The plot is pretty simple at first glance - QSS follows the interactions of a group of people but at the center of it all are Eun Soo (Jung Yumi) and Tae Jo (Eric Mun), a completely impossible pair of dysfunctional lovers. I don't mean impossible in a traditional kdrama sense - there are no opposing parents or deathly illness. No, they are impossible in the sense that when you watch them destroy everything - themselves, each other, innocent bystanders, you want to take them aside and try to convince them they are better off without each other. Only - you know it's not true - they may be dysfunctional together but they cannot exist apart. Eun Soo is a naive, unworldly girl at the start of the story. She is sheltered and emotionally needy - ripe pickings for the first smooth talker who comes her way. And the first man whom she meets and gloms onto in the big bad Seoul isn't just anyone - it's Tae Jo, a good-looking, charming, emotionally hollow man who supplements his meager middle-class income by sleeping with rich bored women who shower him with gifts - a sort of a dilettante gigolo. Eun Soo is entirely not Tae Jo's type - she is poor, dowdy, and inexperienced. And Tae Jo is definitely not someone Eun Soo should meddle with - she is not familiar with games Tae Jo enjoys as easily as breathing. And yet the two find themselves irreistably drawn to each other - Tae Jo is drawn in by Eun Soo's emotional openness and ability to be hurt (so different from the women he plays with) and Eun Soo is wallowing in her romantic fantasy of the good-looking man paying attention to her.

Of course, nothing is so simple. Tae Jo is terrified of opening emotionally and of commitment. It's a question mark as to whether he can be capable of love at all. And being pushed away and discarded brings out the latent complexity and darkness in Eun Soo and soon she is matching Tae Jo hurt for hurt, lie for lie. Throw in a pair of stepsiblings trying to fight a latent attraction to each other and the most dysfunctional love quadrangle ever is set.

The relationships and feelings are equally messy but, no matter what, the story revolves around Eun Soo and Tae Jo - two people who cannot live together, but who cannot live without each other, either, drawn back together as much by their matching dysfunction as by lust. Ah yes, lust. It is perhaps the most physically passionate drama I have ever seen. Eric Mun and Jung Yumi have insane chemistry. Insane. And the drama takes advantage of it - there is more kissing, make-outs and physical contact in QSS than there is in another 20 dramas put together. This drama is delicious - like very dark, bitter chocolate. As I have said, it pulls no punches. Almost every character does something truly despicable before the drama ends. At one time or another during the running time, I hated each of the main quartet. And yet I ended the drama loving and pitying them all.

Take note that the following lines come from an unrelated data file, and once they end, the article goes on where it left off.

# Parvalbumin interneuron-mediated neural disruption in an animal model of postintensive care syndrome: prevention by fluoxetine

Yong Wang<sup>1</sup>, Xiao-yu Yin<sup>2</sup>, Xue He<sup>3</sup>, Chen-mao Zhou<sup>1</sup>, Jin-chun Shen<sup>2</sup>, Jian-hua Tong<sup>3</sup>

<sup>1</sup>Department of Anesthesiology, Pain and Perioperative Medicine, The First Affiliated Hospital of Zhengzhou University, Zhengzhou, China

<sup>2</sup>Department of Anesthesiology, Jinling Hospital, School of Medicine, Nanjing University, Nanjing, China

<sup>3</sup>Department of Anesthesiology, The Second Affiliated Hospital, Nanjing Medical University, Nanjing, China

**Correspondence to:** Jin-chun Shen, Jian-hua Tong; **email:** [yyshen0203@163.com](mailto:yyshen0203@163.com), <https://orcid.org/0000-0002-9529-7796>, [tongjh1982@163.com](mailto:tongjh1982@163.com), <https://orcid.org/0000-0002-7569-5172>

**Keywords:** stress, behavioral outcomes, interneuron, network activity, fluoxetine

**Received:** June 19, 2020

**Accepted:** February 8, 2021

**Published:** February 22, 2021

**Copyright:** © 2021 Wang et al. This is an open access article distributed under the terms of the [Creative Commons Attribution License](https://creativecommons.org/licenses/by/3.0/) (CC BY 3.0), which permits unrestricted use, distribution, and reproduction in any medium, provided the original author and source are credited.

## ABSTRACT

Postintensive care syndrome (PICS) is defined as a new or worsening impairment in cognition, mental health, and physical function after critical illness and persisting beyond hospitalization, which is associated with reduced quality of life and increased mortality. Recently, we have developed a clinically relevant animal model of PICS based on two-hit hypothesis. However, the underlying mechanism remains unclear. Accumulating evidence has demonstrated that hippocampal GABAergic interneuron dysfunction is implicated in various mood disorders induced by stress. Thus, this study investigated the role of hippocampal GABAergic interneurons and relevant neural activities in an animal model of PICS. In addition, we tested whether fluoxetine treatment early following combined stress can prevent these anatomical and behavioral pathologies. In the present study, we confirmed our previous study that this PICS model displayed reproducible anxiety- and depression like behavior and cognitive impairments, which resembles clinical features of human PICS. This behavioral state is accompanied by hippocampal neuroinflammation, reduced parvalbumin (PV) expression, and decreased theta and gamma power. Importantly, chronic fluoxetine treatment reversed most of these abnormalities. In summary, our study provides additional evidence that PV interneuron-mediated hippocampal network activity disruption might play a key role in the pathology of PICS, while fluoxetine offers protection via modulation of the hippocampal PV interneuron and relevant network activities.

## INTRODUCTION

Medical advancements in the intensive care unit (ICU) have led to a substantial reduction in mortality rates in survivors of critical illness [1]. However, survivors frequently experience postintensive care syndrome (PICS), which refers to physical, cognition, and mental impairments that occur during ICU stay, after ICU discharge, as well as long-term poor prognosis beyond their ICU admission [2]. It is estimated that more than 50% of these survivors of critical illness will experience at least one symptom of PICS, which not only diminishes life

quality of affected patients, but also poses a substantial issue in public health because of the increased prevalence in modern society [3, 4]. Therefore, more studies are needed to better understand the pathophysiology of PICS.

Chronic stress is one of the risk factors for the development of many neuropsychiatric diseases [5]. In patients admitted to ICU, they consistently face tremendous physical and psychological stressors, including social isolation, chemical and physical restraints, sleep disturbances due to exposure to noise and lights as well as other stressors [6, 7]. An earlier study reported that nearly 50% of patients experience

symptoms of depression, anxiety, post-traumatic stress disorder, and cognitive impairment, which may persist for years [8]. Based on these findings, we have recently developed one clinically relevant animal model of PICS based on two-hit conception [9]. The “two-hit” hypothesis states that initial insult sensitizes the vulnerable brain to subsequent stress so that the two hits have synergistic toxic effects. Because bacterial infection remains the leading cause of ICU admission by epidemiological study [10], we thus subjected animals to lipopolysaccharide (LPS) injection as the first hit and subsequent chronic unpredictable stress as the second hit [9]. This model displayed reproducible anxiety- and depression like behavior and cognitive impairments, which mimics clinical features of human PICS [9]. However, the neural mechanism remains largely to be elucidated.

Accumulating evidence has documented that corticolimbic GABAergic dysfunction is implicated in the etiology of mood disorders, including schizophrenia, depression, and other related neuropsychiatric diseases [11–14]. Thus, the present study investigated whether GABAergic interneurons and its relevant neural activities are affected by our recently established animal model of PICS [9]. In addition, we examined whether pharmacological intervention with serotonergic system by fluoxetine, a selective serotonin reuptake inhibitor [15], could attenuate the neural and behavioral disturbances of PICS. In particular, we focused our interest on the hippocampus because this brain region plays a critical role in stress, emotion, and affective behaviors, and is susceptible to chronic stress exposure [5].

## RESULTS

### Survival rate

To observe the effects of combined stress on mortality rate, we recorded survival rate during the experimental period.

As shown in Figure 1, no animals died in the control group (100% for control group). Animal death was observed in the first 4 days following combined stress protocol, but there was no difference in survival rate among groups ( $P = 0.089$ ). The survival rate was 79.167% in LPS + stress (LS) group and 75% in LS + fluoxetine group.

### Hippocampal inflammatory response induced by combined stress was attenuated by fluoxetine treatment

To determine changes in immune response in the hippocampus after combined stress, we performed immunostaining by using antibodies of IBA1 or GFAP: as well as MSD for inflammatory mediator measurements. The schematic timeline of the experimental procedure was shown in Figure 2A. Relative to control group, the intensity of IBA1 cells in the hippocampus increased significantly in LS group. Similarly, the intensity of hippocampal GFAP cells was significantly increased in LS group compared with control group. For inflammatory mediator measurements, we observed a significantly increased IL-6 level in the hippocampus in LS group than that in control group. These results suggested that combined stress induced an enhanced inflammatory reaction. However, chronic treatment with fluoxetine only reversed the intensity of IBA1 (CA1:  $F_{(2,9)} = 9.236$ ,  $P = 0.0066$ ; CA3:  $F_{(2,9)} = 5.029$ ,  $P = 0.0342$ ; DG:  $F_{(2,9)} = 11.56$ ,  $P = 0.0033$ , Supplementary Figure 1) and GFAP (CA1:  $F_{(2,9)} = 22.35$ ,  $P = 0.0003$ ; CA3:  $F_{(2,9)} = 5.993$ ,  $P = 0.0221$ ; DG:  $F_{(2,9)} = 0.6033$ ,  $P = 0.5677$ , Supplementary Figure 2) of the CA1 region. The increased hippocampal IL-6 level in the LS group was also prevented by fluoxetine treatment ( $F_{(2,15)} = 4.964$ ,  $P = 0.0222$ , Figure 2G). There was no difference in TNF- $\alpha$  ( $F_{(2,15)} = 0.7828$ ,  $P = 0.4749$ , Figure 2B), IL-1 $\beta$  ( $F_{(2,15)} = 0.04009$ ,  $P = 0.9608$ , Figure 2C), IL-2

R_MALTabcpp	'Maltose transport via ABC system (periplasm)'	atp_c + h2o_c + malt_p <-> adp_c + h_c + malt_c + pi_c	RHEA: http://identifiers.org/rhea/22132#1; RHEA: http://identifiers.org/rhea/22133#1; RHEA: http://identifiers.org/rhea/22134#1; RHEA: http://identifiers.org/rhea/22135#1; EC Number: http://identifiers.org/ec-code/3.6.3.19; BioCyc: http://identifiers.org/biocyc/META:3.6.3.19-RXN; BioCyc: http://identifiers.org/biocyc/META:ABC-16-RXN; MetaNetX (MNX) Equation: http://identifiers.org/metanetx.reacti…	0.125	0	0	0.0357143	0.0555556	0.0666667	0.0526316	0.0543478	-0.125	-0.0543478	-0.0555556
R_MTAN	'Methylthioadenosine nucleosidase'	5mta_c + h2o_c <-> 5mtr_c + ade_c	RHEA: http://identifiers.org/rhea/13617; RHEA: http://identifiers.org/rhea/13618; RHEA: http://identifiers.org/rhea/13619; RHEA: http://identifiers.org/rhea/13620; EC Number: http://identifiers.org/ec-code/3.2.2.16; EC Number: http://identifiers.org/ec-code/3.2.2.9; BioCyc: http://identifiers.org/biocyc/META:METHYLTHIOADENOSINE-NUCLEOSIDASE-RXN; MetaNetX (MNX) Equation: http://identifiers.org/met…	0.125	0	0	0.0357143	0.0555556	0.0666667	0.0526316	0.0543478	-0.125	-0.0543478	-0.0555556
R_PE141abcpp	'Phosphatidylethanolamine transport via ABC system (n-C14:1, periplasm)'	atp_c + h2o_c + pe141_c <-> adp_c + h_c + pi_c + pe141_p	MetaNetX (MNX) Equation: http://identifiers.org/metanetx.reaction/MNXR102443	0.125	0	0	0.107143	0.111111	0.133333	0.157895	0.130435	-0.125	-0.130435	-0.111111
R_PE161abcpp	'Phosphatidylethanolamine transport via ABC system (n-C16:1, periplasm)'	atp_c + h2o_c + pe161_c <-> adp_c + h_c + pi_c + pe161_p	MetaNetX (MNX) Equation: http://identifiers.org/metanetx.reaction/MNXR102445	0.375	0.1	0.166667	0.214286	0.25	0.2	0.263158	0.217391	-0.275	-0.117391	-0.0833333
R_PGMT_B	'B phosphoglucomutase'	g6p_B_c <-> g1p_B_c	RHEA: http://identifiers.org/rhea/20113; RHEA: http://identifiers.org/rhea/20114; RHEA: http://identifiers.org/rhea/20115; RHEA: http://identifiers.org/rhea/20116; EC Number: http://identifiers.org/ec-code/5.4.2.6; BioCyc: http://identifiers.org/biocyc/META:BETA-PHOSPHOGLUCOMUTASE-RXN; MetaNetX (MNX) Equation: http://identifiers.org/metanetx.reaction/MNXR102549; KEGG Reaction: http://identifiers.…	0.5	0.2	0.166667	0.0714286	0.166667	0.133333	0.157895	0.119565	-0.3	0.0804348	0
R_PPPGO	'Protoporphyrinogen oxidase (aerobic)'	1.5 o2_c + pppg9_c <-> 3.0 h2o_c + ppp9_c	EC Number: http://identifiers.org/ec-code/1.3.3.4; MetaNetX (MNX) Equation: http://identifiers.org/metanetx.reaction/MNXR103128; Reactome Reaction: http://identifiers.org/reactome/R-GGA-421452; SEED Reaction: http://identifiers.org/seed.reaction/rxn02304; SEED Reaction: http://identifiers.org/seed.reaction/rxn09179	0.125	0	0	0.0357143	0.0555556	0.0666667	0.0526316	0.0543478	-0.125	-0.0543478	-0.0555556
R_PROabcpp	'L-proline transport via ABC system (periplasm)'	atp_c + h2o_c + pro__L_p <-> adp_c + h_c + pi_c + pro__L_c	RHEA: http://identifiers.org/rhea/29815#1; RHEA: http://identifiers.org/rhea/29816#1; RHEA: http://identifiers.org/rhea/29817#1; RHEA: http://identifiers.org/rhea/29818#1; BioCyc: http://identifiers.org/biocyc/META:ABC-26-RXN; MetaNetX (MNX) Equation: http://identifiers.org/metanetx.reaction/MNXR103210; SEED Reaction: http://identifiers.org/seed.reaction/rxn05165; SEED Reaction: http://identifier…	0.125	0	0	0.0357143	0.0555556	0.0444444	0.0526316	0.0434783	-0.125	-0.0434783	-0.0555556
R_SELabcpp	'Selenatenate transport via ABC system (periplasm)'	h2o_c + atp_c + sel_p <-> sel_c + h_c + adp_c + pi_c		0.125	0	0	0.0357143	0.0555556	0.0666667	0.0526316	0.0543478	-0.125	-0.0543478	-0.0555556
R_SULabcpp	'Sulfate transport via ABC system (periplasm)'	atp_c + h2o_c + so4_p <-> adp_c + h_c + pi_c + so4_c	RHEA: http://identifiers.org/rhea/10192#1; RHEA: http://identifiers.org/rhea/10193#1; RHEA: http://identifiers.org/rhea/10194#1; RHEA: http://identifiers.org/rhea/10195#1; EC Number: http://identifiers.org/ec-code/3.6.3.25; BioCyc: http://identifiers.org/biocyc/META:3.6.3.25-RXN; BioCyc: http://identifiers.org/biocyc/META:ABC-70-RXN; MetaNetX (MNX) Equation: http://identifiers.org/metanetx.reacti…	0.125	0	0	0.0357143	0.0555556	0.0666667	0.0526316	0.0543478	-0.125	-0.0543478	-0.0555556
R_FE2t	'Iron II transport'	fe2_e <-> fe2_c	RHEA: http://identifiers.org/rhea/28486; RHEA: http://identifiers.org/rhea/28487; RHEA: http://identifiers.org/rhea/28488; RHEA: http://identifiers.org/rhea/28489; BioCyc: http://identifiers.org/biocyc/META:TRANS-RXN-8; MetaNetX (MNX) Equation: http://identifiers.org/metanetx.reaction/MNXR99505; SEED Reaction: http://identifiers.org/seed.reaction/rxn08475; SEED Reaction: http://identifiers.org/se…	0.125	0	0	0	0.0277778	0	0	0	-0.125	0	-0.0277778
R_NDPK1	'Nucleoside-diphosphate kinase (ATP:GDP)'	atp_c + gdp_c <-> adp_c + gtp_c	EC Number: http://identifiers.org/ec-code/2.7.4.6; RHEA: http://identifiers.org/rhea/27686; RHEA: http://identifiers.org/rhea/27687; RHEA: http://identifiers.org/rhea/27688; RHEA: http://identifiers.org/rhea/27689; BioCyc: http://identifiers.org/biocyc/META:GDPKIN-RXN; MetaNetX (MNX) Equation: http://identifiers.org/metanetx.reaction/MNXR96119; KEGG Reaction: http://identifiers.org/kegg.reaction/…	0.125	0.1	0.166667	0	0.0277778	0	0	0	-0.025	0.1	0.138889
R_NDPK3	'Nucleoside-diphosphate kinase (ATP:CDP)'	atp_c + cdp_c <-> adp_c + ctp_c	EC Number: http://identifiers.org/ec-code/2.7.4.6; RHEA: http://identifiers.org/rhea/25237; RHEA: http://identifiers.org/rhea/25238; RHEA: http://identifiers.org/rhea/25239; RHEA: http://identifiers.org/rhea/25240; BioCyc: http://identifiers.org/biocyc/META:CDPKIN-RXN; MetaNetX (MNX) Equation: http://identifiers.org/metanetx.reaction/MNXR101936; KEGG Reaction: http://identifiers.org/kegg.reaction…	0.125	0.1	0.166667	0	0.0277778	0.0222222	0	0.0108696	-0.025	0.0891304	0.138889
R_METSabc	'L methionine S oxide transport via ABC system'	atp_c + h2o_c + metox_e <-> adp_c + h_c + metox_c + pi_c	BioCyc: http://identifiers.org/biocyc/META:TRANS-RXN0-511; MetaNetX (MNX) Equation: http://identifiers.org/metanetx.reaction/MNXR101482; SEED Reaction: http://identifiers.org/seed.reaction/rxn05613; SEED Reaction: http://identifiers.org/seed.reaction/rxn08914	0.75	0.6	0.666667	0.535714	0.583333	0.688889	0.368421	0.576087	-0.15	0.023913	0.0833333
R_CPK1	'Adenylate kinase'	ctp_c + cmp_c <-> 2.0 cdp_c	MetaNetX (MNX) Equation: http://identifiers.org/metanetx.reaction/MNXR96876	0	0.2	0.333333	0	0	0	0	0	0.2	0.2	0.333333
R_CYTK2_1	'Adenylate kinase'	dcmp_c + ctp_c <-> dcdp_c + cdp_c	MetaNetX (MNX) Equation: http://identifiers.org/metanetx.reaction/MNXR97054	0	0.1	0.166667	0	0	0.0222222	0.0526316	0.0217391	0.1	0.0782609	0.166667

The acting knocks it out of the ballpark. I have never liked Eric Mun in any other drama but in QSS he drops his usual goofball drama persona to play someone broken and damaged on a very basic level and it blew me away. He is also sex on legs in this - so very strongly masculine you can see why Eun Soo abandons her common-sense to get involved with him. This is the only drama in which I have seen Jung Yumi but I loved her - her unusual looks fit perfectly but what really got me was the feeling of high-strung fragility, of repressed energy. Lee Kyu Han is more known for playing second-string jerks but he knocks it out of the park as a reserved, controlled man who is, perhaps, the best person in the quadrangle. Yoon Ji-Hye takes what could be seen as a typical secondary girl role and turns it into something else - needy and sad.

My favorite scene? Oh, this is so hard. Probably, the scene of Tae Joo shaking and sobbing dryly, fists to his mouth, literally banging his head on the bar, trying to control his feelings of Eun Soo being lost to him.

Have a MV:

dangermousie: (QSS by bambinainnero)


Candidate N3 in Top 10 Most Underrated Dramas is one of my all-time favorite kdramas, a vastly underrated 2007 gem Que Sera Sera, starring Eric Mun and Jung Yumi.

QSS is that rare beast - a passionate, dark, messy, fully grown up, very physical kdrama. In a kdrama world, where even 40-somethings often act as pure as kids in love and where heroes and heroines are usually unequivocally good, QSS is unusual indeed. The drama QSS reminds me most of is Bali, only if Bali added a lot more physical passion and a lot more hope.